Why All Investors — Even the President — Should Consider Index Funds

Better Investing

What's Hot


2 Types of Black Marks Might Vanish From Your Credit File SoonBorrow

6 Ways the Obamacare Overhaul Might Impact Your WalletInsurance

7 Dumb and Costly Moves Homebuyers MakeBorrow

This Free Software Brings Old Laptops Back to LifeMore

Obamacare Replacement Plan Gets ‘F’ Rating from Consumer ReportsFamily

Beware These 12 Common Money MistakesCredit & Debt

21 Restaurants Offering Free Food Right NowSaving Money

17 Ways to Have More Fun for Less MoneySave

House Hunters: Beware of These 6 Mortgage MistakesBorrow

30 Household Uses for Baby OilSave

25 Ways to Spend Less on FoodMore

Nearly Half of Heart-Related Deaths Linked to These 10 Foods and IngredientsFamily

5 Surprising Benefits of Exercising Outdoors in WinterFamily

10 Ways to Save When You’re Making Minimum WageSave

Boost Your Credit Score Fast With These 7 MovesCredit & Debt

7 Painless Ways to Pay Off Your Mortgage Years EarlierBorrow

The Most Sinful City in the U.S. Is … (Hint: It’s Not Vegas)Family

The True Cost of Bad CreditCredit & Debt

10 Companies With the Best 401(k) PlansGrow

This Scam Now Tops ID Theft as the No. 2 Consumer ComplaintFamily

6 Stores With Awesome Reward ProgramsFamily

6 Ways to Save More at Lowe’s and The Home DepotSave

6 Healthful Treats for Your DogFamily

New Study Ranks the Best States in the U.S.Family

Thousands of Millionaires Moving to 1 Country — and Leaving AnotherGrow

Strapped for College Costs? How to Get the Most From FAFSABorrow

6 Overlooked Ways to Save at Chick-fil-AFamily

Ask Stacy: What’s the Fastest Way to Pay Off My Mortgage?Borrow

Where to Sell Your Stuff for Top DollarAround The House

8 Ways to Get a Good Price on a Shiny New AutoCars

Ask Stacy: How Do I Start Over?Credit & Debt

Secret Cell Plans: Savings Verizon, AT&T, T-Mobile and Sprint Don’t Want You to Know AboutFamily

30 Awesome Things to Do in RetirementCollege

14 Super Smart Ways to Save on TravelSave

The Rich Prefer Modest Cars — Should You Join Them?Cars

You’ll Soon Pay More to Shop at CostcoSave

10 Ways to Save When Your Teen Starts DrivingFamily

Morningstar says investors are fleeing actively managed mutual funds. Understanding the trend might be the key to retiring comfortably.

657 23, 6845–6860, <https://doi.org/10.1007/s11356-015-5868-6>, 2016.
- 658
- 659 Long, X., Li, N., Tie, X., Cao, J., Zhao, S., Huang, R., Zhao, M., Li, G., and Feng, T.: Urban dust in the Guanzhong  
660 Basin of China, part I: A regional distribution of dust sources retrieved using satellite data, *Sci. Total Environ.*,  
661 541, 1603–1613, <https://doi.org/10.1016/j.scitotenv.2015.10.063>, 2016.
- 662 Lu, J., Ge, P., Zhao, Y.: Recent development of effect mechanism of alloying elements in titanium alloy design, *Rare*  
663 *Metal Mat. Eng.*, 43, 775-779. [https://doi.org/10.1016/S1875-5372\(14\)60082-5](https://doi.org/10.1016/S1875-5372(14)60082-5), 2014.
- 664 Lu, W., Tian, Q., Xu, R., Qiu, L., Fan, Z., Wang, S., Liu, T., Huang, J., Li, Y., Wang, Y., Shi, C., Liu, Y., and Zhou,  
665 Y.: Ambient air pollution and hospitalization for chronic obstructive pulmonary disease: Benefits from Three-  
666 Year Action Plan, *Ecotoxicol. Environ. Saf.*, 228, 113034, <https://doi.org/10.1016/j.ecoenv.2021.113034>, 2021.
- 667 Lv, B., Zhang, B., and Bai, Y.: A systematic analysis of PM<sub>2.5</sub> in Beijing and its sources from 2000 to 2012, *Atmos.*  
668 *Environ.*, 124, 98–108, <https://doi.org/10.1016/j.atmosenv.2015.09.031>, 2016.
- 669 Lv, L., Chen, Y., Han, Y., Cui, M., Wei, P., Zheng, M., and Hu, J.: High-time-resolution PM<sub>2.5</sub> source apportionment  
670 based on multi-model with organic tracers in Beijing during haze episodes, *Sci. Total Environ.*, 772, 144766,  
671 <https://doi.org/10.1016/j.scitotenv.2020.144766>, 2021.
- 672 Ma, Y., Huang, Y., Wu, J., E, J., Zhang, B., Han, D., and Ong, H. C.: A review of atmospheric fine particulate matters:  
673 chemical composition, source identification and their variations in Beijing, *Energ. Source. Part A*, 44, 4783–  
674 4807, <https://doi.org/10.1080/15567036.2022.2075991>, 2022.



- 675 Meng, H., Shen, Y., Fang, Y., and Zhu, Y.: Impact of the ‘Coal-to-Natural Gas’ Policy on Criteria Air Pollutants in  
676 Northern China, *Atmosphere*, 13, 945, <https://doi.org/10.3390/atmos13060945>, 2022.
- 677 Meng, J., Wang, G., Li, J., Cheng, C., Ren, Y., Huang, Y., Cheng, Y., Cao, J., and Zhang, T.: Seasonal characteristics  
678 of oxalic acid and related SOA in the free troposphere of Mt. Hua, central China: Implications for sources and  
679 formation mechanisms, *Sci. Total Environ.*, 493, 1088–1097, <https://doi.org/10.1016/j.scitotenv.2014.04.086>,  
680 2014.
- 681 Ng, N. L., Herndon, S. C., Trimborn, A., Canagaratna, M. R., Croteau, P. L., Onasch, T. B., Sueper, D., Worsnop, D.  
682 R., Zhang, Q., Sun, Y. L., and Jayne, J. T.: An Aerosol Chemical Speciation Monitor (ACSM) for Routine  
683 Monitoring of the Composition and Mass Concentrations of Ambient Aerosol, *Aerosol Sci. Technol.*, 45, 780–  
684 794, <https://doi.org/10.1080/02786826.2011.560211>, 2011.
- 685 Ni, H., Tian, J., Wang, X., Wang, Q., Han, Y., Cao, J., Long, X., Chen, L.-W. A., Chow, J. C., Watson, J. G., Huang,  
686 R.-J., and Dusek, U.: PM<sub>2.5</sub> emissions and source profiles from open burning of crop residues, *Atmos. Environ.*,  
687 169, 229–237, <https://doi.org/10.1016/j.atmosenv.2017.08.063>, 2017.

In the midst of a record-breaking stock market run, investors continued shifting money from actively managed mutual funds to passively managed funds last month.

Morningstar refers to it as a “massive exodus” in a recent report on asset flows.

Actively managed U.S. stock funds saw $20.8 billion in outflow in January, according to the report. Over the same period, passively managed U.S. stock funds — also known as stock index funds — saw $30.6 billion in inflow.

Vanguard founder John Bogle recently referred to this trend as “a tidal shift to index funds — actually, more like a tsunami.” He notes in the New York Times:

“Since 2008, mutual fund investors have liquidated more than $800 billion of their holdings in actively managed equity mutual funds and purchased about $1.8 trillion of equity index funds.”

So it should come as no surprise that even President Donald J. Trump would be worth $10 billion more if he had invested in index funds instead of real estate.

We here at Money Talks News were not surprised by the latest news about index funds. Our founder, Stacy Johnson, has been educating readers about the value of index funds for years.

Why index funds?

An index fund is a type of mutual fund — a pool of investments like stocks or bonds — that mimics the performance of a particular group of stocks or bonds. The Vanguard 500 Index Fund, for example, mimics the performance of Standard & Poor’s 500 stock index.

Because they simply try to mimic an index’s performance, index funds are generally managed by computers. Thus they are generally cheaper than actively managed mutual funds run by a flesh-and-blood portfolio manager who tries to outperform an index.

By cheaper, I mean that index funds have lower fees, which means more money in your nest egg.

Consider this example we reported in “Of All the Fees You Pay, This One Is the Worst“:

Assume you have a current retirement fund account balance of $25,000. If returns over the next 35 years average 7 percent — even if you don’t contribute another penny to your account — you’d have $227,000 after 35 years if your account fees were 0.5 percent.

However, you’d only have $163,000 if your fees were 1.5 percent. That amounts to $64,000 less to live on in retirement.

To learn more about index funds and what they can do for your retirement portfolio, also check out:

What’s your take on active versus passive investments? Share your thoughts below or on Facebook.

Stacy Johnson

It's not the usual blah, blah, blah

I know... every site you visit wants you to subscribe to their newsletter. But our news and advice is actually worth reading! For 25 years, I've been making people richer without making their eyes glaze over. You'll be glad you did. I guarantee it!

💰🗣📰

Read Next: 30 Awesome Things to Do in Retirement

Check Out Our Hottest Deals!

We're always adding new deals and coupons that'll save you big bucks. See the deals to the right and hundreds more in our Deals section.

Click here to explore 1,960 more deals!